Big thank you from

Power of level lan' round the lough

The Rambler 21/02/2003

Part Two

Part one

IN the opening verse of his poem entitled 'The Hills of Home', the County Tyrone balladeer, Rev W F Marshall waxed lyrical about "level lan'.

It is a pity he didn't visit this side of Lough Neagh. He would have found 'a power of level lan' between the Lagan canal and Bartins Bay, on the South East corner of the Lough.

According to Marshall--

The Lord bate back the rollin' sea
An' made the worl' for you an' me,
He made a power of level lan'
At Portydown an' at Strabane.
An' then with heather, peat an' stone
He built the mountains of Tyrone.

The CD entitled Shorelands, which I mentioned last week, concludes with a song about 'lovely Aghagallon' which the balladeer alludes to as the Shorelands of Lough Neagh.

If an area is worth singing about it, it is worth exploring.

The low-lying areas of the lough shore around Gawley's Gate and Ardmore are known as The Montiaghs ('Munchies'), ('a boggy area' according to Macfee's Ulster dictionary).

Much of it flooded in winter until the Upper Bann drainage scheme was completed, between the wars. In bygone years, many occupiers of tiny mud-walled thatched cabins had to use boats to reach higher ground. So! Keep on yer bike. No uphill toil needed.

Modern road-namers and house numbers have done their best to wipe the centuries-old townland names off the map.

For example 'Feather Bed' is now 'Montiagh's Road' and historic 'Lough Mona', once the site of a famous lake dwelling, is now a wide expanse of moorland.

Once, it was a hive of activity during the annual turf-making seasons, but now it is a barren conservation area.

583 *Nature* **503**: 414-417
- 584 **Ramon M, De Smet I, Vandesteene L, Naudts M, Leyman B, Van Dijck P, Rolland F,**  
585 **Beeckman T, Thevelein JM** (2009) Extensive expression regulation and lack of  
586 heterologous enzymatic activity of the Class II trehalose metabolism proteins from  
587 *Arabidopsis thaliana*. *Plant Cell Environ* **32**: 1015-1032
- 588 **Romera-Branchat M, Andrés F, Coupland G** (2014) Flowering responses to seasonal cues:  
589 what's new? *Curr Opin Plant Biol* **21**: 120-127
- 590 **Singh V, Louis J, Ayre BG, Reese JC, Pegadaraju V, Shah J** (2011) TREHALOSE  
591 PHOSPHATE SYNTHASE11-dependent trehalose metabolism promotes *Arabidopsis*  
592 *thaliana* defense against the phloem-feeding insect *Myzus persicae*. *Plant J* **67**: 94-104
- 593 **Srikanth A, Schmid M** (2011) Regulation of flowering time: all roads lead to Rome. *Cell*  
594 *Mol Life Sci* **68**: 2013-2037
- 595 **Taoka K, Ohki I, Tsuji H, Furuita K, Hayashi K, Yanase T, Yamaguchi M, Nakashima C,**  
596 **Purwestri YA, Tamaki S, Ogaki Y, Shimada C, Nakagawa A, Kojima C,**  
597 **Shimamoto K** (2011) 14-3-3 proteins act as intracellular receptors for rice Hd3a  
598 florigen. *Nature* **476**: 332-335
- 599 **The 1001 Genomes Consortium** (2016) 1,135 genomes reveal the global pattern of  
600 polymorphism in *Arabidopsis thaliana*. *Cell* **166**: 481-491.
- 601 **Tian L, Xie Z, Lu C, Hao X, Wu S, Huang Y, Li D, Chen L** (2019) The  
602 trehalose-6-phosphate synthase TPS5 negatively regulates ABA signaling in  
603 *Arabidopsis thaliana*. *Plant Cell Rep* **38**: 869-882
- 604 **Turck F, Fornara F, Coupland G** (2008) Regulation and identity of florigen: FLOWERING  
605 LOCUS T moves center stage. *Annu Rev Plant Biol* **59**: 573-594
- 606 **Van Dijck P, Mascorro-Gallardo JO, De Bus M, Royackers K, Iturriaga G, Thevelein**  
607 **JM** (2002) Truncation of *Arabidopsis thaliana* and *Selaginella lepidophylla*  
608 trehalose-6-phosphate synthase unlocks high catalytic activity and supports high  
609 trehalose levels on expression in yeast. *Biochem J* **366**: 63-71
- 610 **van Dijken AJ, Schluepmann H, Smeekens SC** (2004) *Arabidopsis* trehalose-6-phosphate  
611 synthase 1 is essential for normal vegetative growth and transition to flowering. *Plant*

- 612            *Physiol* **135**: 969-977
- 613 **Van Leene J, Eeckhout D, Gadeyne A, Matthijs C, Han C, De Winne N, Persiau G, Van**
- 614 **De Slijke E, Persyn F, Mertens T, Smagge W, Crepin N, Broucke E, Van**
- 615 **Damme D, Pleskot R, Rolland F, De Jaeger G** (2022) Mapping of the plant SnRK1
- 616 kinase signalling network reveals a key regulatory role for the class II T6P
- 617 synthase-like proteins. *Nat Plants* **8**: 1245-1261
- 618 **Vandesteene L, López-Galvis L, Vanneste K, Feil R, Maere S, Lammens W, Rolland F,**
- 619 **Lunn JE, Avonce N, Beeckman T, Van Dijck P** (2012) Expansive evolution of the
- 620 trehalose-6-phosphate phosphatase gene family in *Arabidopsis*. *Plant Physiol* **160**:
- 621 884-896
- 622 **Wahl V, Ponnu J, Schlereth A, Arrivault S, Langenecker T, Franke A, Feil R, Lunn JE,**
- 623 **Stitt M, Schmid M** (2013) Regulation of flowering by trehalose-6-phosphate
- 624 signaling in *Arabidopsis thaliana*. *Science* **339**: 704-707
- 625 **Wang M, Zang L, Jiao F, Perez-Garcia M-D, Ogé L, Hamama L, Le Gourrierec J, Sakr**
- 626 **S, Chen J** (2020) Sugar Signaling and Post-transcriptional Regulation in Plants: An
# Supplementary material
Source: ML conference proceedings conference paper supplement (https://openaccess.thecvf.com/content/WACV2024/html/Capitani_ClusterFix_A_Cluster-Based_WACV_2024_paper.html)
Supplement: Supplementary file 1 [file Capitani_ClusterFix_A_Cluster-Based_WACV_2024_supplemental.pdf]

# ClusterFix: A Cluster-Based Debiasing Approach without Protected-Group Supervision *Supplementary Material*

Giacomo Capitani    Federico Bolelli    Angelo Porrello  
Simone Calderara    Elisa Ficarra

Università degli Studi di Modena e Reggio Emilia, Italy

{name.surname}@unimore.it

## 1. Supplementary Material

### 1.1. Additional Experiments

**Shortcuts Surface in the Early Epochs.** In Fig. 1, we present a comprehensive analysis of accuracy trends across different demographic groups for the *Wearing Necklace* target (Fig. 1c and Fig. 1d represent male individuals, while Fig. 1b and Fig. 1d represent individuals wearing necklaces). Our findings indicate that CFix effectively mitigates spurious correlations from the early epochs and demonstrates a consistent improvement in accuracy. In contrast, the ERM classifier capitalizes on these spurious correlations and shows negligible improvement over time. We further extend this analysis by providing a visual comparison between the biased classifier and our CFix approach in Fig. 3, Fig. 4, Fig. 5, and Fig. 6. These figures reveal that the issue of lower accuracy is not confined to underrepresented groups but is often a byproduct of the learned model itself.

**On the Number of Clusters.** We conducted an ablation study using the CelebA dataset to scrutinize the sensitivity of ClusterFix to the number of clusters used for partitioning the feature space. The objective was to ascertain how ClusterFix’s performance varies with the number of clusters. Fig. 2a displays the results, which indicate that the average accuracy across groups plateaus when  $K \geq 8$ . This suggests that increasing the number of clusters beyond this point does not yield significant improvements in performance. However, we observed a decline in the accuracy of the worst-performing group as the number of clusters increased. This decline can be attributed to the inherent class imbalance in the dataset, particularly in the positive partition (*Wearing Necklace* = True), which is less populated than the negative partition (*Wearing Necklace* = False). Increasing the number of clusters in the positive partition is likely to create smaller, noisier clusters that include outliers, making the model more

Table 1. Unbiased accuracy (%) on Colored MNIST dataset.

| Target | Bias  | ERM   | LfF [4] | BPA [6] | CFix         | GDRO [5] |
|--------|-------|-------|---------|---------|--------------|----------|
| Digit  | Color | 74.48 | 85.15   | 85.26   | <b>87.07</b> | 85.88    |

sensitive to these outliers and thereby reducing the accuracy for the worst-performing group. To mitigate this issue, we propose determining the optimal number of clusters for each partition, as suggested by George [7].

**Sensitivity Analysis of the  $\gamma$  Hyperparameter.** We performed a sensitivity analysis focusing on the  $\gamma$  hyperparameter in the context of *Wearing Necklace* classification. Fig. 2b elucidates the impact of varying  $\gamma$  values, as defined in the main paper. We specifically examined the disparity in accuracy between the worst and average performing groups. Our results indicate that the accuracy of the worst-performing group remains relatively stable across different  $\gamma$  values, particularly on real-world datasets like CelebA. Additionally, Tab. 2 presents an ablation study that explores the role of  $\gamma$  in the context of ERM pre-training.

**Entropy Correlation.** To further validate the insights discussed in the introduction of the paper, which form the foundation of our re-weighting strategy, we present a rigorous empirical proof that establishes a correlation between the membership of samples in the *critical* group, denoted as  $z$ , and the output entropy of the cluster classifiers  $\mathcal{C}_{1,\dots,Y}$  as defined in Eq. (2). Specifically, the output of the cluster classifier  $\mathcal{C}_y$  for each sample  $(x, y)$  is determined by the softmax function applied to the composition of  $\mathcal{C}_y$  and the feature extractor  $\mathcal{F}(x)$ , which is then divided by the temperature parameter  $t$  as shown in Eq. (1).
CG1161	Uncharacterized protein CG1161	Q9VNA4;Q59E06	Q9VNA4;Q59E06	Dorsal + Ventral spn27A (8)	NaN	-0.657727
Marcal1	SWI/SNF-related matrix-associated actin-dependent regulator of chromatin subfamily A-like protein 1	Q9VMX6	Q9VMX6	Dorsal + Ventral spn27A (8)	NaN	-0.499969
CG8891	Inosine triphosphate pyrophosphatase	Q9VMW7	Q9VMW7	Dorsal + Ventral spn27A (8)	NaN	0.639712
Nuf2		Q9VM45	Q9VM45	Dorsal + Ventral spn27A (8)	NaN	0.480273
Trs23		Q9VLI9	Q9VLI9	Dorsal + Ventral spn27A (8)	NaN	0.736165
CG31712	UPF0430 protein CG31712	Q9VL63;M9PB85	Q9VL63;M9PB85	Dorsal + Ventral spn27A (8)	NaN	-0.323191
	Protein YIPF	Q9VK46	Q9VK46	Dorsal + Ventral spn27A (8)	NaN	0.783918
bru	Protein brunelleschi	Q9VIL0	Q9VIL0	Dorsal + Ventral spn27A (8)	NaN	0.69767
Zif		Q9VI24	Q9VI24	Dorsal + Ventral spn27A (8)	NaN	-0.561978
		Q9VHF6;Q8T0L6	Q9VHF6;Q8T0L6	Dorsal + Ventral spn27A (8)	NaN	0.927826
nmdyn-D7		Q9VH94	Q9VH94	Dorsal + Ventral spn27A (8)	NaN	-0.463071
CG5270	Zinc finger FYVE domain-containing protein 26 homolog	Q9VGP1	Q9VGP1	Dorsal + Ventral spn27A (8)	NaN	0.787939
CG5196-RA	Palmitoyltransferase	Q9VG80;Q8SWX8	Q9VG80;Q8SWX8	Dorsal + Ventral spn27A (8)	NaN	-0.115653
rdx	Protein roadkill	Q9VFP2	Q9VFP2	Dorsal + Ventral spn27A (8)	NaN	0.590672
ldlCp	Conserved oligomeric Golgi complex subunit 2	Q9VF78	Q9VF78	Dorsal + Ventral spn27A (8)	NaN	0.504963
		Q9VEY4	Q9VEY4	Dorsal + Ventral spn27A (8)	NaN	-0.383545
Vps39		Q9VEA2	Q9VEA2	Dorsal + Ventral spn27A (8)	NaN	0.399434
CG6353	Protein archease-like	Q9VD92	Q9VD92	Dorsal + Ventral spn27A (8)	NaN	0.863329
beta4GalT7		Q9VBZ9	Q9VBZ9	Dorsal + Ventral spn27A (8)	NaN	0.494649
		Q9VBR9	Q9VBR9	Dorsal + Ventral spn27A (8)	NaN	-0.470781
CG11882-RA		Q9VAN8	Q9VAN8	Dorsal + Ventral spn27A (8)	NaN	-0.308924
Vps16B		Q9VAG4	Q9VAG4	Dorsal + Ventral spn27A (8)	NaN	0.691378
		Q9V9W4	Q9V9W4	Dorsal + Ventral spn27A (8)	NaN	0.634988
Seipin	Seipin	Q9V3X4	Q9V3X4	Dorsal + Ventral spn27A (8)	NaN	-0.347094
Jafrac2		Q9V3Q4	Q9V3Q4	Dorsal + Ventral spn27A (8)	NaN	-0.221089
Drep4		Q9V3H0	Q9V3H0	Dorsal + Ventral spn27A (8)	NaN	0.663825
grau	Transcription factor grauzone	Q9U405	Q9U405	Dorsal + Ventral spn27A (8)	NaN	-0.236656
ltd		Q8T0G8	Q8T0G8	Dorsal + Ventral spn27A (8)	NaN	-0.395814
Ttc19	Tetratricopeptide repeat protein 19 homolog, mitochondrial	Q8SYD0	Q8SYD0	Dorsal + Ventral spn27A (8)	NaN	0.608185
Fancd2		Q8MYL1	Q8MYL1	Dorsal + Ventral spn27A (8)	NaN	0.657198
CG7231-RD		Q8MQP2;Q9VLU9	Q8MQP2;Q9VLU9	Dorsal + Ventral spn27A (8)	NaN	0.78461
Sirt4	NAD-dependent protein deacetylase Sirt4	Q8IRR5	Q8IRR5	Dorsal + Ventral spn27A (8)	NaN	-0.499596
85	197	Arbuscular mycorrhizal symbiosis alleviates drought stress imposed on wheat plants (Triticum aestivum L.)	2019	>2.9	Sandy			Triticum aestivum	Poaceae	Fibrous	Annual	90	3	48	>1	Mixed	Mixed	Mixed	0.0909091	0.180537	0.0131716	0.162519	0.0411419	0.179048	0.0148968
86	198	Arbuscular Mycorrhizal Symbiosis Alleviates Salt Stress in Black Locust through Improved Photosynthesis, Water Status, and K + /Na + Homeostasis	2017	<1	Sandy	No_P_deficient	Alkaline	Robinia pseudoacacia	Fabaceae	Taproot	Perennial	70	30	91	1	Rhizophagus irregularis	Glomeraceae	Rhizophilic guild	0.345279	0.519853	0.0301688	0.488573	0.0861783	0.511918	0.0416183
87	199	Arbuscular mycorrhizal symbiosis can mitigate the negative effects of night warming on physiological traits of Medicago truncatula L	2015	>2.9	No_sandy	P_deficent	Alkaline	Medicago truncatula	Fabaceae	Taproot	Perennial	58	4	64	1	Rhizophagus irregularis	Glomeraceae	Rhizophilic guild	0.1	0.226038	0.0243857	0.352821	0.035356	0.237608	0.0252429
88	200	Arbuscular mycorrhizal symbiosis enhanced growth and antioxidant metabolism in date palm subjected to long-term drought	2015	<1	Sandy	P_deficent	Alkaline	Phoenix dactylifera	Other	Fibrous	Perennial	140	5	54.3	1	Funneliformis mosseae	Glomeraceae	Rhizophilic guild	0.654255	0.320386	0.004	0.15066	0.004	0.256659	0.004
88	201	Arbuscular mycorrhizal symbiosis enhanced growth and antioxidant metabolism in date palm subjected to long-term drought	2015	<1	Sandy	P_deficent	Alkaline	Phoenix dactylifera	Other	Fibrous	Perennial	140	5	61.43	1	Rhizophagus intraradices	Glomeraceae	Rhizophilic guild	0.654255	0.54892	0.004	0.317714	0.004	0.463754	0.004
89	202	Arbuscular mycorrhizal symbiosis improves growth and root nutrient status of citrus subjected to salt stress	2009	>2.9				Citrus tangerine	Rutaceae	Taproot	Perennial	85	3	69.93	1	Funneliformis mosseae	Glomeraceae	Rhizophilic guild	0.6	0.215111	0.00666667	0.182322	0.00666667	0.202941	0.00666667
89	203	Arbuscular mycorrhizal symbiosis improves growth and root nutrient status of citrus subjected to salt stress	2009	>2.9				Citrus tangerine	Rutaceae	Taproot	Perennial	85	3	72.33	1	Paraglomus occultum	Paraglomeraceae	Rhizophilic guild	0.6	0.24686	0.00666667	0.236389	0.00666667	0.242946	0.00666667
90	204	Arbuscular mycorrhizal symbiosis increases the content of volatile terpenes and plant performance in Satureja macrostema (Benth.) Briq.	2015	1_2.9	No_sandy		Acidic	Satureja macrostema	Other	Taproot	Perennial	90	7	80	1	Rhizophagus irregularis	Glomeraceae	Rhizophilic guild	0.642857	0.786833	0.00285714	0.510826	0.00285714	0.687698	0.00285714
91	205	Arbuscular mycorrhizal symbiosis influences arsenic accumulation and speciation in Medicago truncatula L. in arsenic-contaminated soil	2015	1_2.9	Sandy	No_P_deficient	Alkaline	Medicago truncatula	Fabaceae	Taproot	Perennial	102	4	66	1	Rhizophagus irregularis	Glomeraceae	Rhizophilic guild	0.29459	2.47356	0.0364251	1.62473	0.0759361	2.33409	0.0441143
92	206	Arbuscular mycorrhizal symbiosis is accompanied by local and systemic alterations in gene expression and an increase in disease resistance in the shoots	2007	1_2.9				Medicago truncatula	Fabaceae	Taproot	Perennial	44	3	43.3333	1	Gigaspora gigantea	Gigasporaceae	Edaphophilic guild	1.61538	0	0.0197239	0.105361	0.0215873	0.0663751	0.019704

The townland of Montiaghs is surrounded by some nine townlands all pre-fixed by Derry, a relic of the area when a vast oak forest stretched from Derriaghy to Derryclone. 'Gawley Gate' was the gate to a well-stocked deer park in plantation days.

Happily 'The Gate' has not been wiped off the map, but if the 'London' versus 'Derry' tussle should ever spread to the Montiaghs, there could be fun!

The now disused Lagan canal followed the line of the ancient stagecoach route - now the Lurgan to Crumlin B12. Needless to say, it had no hills.

Last week, I stopped at Turtle Dove lock - will some scholar please tell me the origin of that?

Between that point and Gawley's Gate,'there is a network of byroads and loanens all of which had names 'which strangers did not know', eg Dick's Hill, Upper Town, Low Town, Moytown, Island Hill, Grant's Lane, Joe's Shore, Gooseberry Corner, Jane's Turn, Nugent's Shore, Clay Hill, Sandy-Row, George's Island, Kearney's Town and many more.

The area between the Lagan canal and uplands, half-a-mile or so to the north, was a flood area and in winter resembled an island-dotted lake. Very appropriately, it was alluded to as 'The Islands' and so it remains.

Drumaleet townland was the principal one affected. It is 350 acres in area and, when the Ordnance Survey was carried out in the 1830's, it had nearly 300 inhabitants.

Some incredible census figures have survived, but those must wait. (To be continued).

Ulster Star